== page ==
Turkish Invasion Brings Syrian and Iraqi Kurds Together

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The Kurdistan Regional Government (KRG), the semi-autonomous Kurdish provincial leadership in Iraq, expressed solidarity with the Syrian Kurds on Thursday, denounced Turkey’s invasion of northeastern Syria, and criticized the United States for failing to prevent the Turkish operation.

“The government calls on Turkey, as a member of the Global Coalition, to avoid any initiative that would undermine the progress made against ISIS, including jeopardizing the secure detention of terrorist fighters,” the KRG said.

“The consequences of military escalation have implications far beyond Syria’s borders, creating the conditions for a return of ISIS and a mass displacement of people,” the statement warned.

“It is crucial therefore that all parties in the conflict, including the Kurdish parties, engage in dialogue to de-escalate the situation. The government has consistently stated that the crisis must be solved through a stable political solution which enshrines the rights of all Syrians, including the Kurdish people,” it concluded.

The KRG appealed to Russia, which intervened with military force in Syria to protect the regime of dictator Bashar Assad, to act in defense of the Syrian Kurds. The Russians have indicated a willingness to mediate in the conflict, but have not taken direct action to halt the Turkish invasion.

“We call on the international community, including the U.S., Russia, UK, and France, to put their utmost efforts to end this undesired situation, prevent future destabilization, and bring about an atmosphere for negotiations,” the Iraqi Kurdish parliament said on Thursday, reminding the international community of the sacrifices made by Kurds while fighting the Islamic State.

The parliament said it strongly condemns “every attack which targets civilians by any sides” and supports “regional dialogue for a durable resolution.”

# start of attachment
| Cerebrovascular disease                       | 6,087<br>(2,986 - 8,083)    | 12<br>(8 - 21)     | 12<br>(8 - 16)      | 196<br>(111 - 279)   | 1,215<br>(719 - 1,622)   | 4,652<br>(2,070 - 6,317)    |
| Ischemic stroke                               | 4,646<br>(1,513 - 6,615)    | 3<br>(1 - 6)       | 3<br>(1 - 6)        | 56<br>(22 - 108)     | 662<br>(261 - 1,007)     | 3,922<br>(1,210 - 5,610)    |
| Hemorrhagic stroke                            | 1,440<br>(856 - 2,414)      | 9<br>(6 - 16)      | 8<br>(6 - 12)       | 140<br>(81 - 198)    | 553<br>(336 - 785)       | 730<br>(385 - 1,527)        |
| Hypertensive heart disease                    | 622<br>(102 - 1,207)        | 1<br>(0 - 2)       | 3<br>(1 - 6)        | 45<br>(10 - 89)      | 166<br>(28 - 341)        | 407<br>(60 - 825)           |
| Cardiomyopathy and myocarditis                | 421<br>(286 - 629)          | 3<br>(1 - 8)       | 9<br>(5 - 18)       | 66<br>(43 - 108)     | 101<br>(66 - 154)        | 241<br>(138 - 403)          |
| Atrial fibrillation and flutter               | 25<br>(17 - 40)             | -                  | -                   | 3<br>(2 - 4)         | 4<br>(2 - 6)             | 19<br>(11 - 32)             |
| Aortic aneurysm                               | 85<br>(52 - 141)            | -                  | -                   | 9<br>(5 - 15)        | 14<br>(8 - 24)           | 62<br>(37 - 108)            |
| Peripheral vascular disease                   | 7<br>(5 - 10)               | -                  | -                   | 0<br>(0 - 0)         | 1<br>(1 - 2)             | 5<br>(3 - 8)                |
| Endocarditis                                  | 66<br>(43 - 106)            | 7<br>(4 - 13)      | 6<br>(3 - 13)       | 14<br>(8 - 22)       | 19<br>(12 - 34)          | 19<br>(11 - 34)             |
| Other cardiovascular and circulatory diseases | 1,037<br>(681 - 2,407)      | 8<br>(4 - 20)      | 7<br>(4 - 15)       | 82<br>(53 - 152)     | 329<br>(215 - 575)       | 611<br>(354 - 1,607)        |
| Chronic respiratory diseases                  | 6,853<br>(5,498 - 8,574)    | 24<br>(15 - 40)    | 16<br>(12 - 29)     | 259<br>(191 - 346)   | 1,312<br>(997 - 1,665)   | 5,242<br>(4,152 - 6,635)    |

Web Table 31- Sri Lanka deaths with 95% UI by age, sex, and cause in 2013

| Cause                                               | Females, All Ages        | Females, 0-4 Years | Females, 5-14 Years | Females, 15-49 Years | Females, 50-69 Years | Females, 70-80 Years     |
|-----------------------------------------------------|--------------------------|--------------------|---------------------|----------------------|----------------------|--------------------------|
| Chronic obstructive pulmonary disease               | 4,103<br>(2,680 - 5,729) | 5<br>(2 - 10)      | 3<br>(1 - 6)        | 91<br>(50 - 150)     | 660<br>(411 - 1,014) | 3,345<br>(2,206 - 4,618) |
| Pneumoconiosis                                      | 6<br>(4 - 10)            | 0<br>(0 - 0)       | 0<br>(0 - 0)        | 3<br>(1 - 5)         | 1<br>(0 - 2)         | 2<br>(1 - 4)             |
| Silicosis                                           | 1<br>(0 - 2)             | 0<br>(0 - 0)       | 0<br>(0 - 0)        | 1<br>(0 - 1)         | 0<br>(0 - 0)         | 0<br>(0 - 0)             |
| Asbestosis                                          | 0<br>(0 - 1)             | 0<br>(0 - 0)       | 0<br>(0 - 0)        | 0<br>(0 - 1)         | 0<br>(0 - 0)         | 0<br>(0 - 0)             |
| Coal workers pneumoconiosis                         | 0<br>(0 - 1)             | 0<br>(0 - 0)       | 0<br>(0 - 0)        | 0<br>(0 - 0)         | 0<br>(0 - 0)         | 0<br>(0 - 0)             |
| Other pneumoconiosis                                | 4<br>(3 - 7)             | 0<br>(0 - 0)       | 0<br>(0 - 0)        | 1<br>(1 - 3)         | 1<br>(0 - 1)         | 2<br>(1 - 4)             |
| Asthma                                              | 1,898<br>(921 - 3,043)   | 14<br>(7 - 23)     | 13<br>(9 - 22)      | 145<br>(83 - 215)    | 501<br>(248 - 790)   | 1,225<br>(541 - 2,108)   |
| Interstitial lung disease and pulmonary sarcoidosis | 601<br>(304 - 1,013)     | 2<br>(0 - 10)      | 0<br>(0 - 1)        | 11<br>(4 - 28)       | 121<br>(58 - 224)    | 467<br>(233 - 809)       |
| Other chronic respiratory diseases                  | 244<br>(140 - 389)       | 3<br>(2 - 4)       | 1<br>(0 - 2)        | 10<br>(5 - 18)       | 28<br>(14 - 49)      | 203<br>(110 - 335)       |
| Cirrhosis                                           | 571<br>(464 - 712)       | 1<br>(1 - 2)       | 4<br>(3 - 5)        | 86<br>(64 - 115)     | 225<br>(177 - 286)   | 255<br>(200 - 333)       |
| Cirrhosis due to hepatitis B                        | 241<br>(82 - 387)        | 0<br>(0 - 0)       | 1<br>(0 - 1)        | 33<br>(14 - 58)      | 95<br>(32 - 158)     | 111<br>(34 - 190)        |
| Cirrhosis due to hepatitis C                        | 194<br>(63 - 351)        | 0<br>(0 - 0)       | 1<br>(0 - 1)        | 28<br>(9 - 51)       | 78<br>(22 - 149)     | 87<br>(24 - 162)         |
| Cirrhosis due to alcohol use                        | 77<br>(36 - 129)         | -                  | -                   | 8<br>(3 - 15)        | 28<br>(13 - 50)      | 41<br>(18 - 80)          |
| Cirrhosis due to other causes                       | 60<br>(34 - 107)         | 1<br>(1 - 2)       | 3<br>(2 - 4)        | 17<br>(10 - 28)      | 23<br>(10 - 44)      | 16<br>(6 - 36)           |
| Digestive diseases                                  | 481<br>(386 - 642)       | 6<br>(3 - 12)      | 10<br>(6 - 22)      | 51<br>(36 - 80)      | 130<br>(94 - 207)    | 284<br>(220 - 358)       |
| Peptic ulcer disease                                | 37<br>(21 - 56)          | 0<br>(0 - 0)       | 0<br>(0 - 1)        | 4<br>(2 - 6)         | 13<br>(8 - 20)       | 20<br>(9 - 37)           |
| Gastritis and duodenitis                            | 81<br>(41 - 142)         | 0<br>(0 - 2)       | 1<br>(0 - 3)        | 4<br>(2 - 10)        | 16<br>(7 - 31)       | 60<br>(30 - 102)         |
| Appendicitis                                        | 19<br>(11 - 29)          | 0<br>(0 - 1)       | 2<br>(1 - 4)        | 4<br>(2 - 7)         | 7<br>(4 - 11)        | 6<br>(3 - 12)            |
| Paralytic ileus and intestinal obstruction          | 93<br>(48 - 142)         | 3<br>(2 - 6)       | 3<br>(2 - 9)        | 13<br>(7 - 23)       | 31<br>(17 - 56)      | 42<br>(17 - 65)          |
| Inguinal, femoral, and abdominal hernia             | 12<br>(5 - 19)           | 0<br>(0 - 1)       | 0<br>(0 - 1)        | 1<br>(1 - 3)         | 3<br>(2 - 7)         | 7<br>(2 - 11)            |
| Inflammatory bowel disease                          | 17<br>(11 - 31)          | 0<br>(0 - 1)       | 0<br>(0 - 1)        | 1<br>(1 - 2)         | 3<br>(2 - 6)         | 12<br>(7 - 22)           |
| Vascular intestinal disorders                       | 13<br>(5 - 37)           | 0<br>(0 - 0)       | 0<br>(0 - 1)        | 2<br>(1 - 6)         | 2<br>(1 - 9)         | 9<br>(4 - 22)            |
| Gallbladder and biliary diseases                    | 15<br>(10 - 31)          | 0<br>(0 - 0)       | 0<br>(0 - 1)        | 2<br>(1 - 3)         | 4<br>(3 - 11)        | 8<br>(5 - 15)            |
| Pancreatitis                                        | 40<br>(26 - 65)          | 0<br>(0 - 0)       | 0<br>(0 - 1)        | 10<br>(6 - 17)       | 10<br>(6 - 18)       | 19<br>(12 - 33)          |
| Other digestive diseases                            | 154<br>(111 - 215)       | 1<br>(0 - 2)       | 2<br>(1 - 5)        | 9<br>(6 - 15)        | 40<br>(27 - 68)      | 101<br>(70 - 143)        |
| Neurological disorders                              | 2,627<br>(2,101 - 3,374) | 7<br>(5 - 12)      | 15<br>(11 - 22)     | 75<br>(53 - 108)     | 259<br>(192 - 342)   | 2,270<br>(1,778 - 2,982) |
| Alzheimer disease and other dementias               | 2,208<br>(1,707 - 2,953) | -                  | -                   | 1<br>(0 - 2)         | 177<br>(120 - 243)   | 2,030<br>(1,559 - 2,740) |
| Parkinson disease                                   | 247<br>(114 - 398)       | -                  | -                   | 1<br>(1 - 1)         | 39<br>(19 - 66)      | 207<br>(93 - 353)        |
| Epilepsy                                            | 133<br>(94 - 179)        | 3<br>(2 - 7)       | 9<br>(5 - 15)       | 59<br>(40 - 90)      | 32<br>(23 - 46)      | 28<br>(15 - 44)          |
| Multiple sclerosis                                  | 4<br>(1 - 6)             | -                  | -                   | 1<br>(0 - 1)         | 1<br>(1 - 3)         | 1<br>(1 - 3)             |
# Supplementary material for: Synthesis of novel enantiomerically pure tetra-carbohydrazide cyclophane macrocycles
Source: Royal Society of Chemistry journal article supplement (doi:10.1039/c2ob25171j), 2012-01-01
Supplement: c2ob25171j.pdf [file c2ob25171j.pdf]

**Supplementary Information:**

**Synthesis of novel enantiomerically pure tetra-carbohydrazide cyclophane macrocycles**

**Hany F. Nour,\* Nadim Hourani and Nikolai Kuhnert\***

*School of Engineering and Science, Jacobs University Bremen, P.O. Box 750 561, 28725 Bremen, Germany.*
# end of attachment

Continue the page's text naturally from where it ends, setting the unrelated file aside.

The Iraqi Kurds notably included some criticism of Syrian Kurds in these statements, as when condemning attacks against civilians by “any sides” and urging Kurdish parties to help “de-escalate the situation.” The KRG parliamentary statement acknowledged the Kurds are divided into factions that have long-standing disputes with each other.

KRG officials have been in communication with members of the U.S. Congress this week, urging them to convince President Donald Trump to change his mind and do what he can to push the Turks out of Syria.

“Eleven civilians have been killed and five injured as a result of this,” said one such communique sent after the Turkish operation began. “Syrian Kurds simply have no place to go as this is their ancestral homeland. For the Kurds, it is a matter of life and death. They will be forced to defend themselves, diverting resources from the maximum campaign pressure against ISIS.”

“This is a disaster in the making. Therefore, it is in the best interest of all parties to prevent this from taking place while there is still time, and Washington is the only player in this equation that could stop this disaster in the making,” the Iraqi Kurdish letter to Congress said.

The KRG’s representative in London, Karwan Jamal Tahir, told Newsweek on Wednesday that a Turkish attack on the Syrian Kurds has long been anticipated, and his government took President Trump seriously when he said last December that he wanted to pull U.S. troops out of Syria. He said Trump’s sudden withdrawal of troops from the area this week sent a “very clear green light” message to Turkey that it could proceed with its attack.

Tahrir said the Iraqi Kurdish government is deeply concerned about the prospect of Turkey driving another flood of refugees into its territory. “I don’t think we can bear more refugees from Syria,” he said, while acknowledging there were few realistic alternatives for Syrian Kurds fleeing the Turkish onslaught.

“The people cannot bear anymore crisis in that area, and there should be a talk between the government – especially the Turkish government, Russia, even the Syrian government,” Tahir urged, emphasizing that the Kurds “cannot be left out” of discussions over Syria’s future.


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